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FOR IMMEDIATE RELEASE
ICBA Announces 2010 Policy Priorities
Orlando, Fla. (March 19, 2010)—The Independent Community Bankers of America today announced its top legislative and regulatory priorities for the coming year. ICBA made the announcement in Orlando at the 2010 National Convention and Techworld, which attracted nearly 3,000 attendees and is the largest community banking industry event of its kind.
“During these times of great challenge and change, it’s more essential than ever that ICBA promote policies that address the causes of this financial crisis and help create a stronger economy going forward,” said James MacPhee, incoming ICBA chairman and CEO of Kalamazoo County State Bank, Schoolcraft, Mich. “Over the next year, ICBA will continue working diligently to ensure that Congress and the administration put sound financial regulatory reform policies into place, like ending too-big-to-fail, which would protect America’s taxpayers, the fabric of our entire financial system and our common-sense community banks that continue to serve their customers on Main Street nationwide.”
ICBA’s top priorities for 2010 are:
- Promoting financial reform that protects taxpayers and prevents future economic crises by ending too-big-to-fail policies through increased regulatory oversight and a resolution process for systemically-dangerous firms. Any financial regulatory reform efforts should end too-big-to-fail and create a systemic-risk regulator that identifies, monitors and supervises all institutions that pose a potential threat to financial stability. Additionally, systemic-risk fees should be imposed on too-big-to-fail firms to protect and compensate taxpayers and the Deposit Insurance Fund from future risk exposure, while also instituting a pre-funded systemic-risk premium on all systemically dangerous holding companies. The FDIC should be granted exclusive receivership, conservatorship and bridge-bank authority to resolve an insolvent institution—including the institution’s holding company and affiliates—and develop a restructuring, downsizing or dissolution plan.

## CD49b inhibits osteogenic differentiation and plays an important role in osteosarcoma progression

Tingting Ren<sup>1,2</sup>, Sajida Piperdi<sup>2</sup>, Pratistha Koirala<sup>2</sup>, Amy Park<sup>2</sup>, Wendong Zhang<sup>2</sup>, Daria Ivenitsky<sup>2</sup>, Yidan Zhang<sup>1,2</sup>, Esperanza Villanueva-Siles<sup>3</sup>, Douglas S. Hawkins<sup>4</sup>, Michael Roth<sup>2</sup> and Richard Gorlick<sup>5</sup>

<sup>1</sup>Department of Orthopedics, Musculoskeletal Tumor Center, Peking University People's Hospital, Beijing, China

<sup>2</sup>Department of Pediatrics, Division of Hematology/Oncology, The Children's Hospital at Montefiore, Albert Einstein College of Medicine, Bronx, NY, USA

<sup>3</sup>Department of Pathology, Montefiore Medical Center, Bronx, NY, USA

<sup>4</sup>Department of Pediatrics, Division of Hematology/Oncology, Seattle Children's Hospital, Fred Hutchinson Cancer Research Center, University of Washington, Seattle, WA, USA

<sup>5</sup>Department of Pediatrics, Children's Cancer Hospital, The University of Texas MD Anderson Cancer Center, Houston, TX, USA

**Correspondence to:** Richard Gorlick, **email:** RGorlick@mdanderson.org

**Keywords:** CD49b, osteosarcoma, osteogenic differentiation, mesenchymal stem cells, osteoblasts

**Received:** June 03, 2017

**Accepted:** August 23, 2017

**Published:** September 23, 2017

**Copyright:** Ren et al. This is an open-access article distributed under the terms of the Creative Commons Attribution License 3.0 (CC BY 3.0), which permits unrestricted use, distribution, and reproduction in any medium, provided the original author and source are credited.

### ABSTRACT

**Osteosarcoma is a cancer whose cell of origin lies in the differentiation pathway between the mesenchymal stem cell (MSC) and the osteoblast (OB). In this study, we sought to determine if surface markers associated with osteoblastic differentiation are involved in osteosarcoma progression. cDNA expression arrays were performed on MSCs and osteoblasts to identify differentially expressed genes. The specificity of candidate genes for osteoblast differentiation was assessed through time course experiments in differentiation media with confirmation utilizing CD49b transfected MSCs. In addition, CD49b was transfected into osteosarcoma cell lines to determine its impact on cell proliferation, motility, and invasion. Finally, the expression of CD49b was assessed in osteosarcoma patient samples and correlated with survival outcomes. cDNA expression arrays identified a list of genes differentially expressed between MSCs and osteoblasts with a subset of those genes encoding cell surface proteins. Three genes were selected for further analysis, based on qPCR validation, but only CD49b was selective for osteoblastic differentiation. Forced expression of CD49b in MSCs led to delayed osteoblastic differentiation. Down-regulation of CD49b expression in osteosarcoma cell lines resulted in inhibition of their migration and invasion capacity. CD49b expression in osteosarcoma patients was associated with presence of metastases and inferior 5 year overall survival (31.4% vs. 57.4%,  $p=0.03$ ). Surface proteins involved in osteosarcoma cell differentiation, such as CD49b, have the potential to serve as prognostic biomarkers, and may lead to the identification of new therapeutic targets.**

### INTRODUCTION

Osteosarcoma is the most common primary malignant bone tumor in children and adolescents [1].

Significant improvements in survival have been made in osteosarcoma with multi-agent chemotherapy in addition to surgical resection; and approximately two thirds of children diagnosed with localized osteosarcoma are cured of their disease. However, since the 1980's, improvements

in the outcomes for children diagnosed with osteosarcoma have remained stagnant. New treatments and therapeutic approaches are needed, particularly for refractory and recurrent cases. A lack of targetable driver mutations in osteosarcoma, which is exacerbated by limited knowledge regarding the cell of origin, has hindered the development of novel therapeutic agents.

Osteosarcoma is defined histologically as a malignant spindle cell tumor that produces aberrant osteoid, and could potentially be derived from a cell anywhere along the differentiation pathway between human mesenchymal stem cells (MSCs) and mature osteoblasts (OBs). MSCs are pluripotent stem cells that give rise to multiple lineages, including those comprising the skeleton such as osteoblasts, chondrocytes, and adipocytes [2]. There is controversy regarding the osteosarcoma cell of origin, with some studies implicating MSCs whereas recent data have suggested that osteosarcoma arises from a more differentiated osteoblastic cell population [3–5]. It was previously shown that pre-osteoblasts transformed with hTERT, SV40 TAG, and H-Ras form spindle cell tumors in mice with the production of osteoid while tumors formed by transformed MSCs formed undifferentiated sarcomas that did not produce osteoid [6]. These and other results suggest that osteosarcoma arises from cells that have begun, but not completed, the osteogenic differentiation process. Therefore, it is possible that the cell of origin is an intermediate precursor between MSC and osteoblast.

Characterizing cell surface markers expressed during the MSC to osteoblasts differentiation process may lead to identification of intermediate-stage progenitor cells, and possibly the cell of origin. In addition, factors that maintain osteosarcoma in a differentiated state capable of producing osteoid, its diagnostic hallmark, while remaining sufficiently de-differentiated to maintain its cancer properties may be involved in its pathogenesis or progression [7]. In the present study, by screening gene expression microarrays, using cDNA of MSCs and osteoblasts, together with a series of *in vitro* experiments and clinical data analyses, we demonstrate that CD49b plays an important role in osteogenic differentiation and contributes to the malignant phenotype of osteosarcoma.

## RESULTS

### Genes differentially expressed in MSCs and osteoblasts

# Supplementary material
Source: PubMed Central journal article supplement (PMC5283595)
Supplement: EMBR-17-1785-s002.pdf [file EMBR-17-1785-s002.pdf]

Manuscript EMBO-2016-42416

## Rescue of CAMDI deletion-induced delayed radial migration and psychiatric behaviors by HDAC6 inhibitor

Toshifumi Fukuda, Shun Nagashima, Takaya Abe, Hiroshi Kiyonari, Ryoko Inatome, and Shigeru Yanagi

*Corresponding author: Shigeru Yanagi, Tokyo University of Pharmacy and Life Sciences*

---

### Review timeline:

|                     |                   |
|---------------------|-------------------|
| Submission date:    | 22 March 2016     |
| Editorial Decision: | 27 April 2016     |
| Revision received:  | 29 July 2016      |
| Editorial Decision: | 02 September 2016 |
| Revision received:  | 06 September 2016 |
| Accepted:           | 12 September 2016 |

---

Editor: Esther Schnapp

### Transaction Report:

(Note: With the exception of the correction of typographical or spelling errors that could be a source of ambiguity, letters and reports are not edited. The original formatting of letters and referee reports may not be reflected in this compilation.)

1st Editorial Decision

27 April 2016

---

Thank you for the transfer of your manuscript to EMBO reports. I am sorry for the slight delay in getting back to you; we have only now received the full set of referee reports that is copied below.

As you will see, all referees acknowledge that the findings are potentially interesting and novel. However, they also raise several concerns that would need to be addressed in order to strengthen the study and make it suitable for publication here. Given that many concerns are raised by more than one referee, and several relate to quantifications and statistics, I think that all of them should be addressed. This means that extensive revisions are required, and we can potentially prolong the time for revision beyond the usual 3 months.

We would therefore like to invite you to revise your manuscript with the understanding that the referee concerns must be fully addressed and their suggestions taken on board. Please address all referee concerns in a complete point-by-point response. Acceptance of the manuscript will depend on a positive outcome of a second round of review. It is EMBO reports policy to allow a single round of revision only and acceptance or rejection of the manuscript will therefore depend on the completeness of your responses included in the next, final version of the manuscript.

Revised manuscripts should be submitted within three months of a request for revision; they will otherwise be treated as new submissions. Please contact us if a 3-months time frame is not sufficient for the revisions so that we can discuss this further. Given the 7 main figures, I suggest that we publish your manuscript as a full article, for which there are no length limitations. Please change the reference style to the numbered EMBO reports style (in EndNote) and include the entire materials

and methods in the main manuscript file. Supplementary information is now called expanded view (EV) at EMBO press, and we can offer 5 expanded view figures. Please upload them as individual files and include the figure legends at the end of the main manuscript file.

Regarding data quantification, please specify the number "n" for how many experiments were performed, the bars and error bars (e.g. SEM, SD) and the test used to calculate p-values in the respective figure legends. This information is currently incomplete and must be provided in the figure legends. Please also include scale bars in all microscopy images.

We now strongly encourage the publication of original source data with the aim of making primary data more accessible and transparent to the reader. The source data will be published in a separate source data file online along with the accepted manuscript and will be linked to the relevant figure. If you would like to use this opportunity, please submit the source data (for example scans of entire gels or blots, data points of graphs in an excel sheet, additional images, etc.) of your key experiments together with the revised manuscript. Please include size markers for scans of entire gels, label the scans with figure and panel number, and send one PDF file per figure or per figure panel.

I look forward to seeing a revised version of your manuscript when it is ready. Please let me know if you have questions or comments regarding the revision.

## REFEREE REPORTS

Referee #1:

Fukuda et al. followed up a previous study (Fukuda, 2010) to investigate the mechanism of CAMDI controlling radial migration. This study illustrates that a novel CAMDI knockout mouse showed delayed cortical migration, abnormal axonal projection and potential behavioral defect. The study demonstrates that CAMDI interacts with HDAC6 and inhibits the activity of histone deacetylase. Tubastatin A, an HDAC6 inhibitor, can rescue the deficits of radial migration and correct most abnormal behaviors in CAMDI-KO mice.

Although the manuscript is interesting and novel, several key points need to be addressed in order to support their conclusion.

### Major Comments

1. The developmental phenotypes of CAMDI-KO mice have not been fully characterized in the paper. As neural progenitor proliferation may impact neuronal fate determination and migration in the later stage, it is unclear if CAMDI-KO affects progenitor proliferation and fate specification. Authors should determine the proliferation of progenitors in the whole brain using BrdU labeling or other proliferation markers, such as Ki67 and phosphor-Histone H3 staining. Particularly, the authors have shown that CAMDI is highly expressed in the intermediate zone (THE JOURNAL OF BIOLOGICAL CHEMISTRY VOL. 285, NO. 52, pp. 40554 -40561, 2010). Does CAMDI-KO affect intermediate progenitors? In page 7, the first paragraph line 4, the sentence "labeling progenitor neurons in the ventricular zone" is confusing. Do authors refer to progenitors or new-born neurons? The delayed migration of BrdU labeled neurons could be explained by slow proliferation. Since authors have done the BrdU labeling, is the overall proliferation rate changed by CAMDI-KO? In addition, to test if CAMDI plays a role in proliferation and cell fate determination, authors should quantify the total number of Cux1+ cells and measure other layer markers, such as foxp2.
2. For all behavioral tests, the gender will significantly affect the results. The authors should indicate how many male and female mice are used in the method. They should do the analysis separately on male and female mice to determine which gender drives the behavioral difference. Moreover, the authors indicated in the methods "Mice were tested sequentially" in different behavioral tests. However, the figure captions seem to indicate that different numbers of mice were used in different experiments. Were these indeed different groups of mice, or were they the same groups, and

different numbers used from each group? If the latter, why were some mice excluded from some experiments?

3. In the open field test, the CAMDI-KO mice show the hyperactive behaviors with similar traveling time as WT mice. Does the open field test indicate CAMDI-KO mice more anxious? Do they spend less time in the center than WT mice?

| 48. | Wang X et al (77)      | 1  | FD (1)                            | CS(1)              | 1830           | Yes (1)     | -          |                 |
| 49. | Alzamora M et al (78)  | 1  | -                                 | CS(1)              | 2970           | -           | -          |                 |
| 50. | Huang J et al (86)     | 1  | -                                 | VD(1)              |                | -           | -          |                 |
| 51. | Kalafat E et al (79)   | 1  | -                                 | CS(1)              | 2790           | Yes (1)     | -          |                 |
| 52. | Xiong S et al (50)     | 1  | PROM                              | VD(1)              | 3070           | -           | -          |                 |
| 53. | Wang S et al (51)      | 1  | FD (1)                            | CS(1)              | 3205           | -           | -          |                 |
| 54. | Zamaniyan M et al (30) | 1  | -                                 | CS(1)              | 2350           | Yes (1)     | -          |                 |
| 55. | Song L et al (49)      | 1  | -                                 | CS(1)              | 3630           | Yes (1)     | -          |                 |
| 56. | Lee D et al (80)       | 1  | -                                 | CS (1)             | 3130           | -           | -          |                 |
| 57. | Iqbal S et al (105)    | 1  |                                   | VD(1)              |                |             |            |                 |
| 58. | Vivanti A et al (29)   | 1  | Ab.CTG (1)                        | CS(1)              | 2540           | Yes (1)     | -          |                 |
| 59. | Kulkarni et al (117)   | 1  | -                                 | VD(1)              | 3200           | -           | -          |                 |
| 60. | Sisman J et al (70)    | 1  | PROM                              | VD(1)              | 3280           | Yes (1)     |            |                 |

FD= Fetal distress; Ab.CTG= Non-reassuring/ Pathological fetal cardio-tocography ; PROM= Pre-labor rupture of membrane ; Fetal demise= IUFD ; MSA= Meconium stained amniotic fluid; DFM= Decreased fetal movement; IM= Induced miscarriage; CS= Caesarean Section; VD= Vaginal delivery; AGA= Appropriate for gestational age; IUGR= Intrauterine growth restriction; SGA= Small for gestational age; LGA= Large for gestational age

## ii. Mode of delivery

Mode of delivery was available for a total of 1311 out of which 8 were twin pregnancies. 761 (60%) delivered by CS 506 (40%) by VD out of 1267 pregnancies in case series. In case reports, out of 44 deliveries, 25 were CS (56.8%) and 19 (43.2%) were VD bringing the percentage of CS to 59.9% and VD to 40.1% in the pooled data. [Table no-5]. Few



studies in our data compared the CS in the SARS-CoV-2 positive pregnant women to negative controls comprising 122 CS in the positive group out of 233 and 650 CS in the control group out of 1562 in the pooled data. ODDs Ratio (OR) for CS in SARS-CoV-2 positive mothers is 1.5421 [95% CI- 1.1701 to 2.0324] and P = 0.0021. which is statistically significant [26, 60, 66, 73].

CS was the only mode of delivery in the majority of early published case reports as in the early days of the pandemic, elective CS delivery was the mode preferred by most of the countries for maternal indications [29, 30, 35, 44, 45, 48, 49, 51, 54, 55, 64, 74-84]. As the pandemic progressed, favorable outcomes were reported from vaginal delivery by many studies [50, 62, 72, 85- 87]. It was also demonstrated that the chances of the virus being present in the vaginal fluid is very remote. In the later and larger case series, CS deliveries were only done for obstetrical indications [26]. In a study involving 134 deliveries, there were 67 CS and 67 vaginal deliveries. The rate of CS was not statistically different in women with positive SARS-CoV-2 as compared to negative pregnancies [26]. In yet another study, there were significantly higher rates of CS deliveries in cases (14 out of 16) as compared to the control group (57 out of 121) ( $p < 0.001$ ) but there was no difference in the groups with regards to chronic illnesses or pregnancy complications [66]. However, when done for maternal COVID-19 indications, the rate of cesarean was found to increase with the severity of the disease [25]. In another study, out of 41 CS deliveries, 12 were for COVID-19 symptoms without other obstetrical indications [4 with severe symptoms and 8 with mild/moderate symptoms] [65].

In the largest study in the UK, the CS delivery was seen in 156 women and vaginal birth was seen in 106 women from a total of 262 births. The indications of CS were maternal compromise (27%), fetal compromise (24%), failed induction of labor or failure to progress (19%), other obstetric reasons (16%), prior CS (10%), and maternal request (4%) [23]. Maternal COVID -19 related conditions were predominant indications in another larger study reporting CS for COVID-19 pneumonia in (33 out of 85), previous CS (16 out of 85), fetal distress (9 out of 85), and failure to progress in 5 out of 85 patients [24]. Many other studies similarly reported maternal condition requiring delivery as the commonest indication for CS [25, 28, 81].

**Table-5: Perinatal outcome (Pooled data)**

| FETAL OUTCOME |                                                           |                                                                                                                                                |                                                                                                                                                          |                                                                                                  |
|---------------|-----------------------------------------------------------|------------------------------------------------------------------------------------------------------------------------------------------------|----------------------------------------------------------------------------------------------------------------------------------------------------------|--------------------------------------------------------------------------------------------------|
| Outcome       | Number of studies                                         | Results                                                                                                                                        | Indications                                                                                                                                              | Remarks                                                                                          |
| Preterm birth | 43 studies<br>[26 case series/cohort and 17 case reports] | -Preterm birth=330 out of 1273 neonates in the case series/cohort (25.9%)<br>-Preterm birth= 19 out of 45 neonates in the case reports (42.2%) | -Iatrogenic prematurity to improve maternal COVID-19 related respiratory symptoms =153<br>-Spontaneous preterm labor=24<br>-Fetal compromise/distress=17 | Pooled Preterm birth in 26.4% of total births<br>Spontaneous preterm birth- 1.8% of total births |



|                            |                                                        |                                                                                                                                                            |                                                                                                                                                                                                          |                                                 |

- Supporting fair and equitable consumer protection laws that ensure all financial firms that grant credit comply with the same laws that apply to community banks, and that any enhanced regulation of consumer financial products should focus on the unregulated “shadow” financial industry. Examination and enforcement of consumer protection laws should remain with a bank’s primary regulator. ICBA opposes separating consumer policy and enforcement from safety and soundness enforcement because it could give rise to conflicts of interest and be counterproductive to a balanced regulatory system. Community banks should not face added regulatory burdens. Enhanced regulation of unregulated “shadow” financial institutions should be the focus of any new consumer protection laws.
- Urging a more measured approach from overzealous bank examiners so that they do not further exacerbate the current economic downturn and community banks’ ability to aid recovery efforts. To prevent unnecessary bank failures, examiners must exercise some restraint in their exams, take a longer term view of real estate held by banks as collateral and not demand aggressive write-downs and reclassification of loans based on forced sales of real estate that occur during illiquid or dysfunctional markets.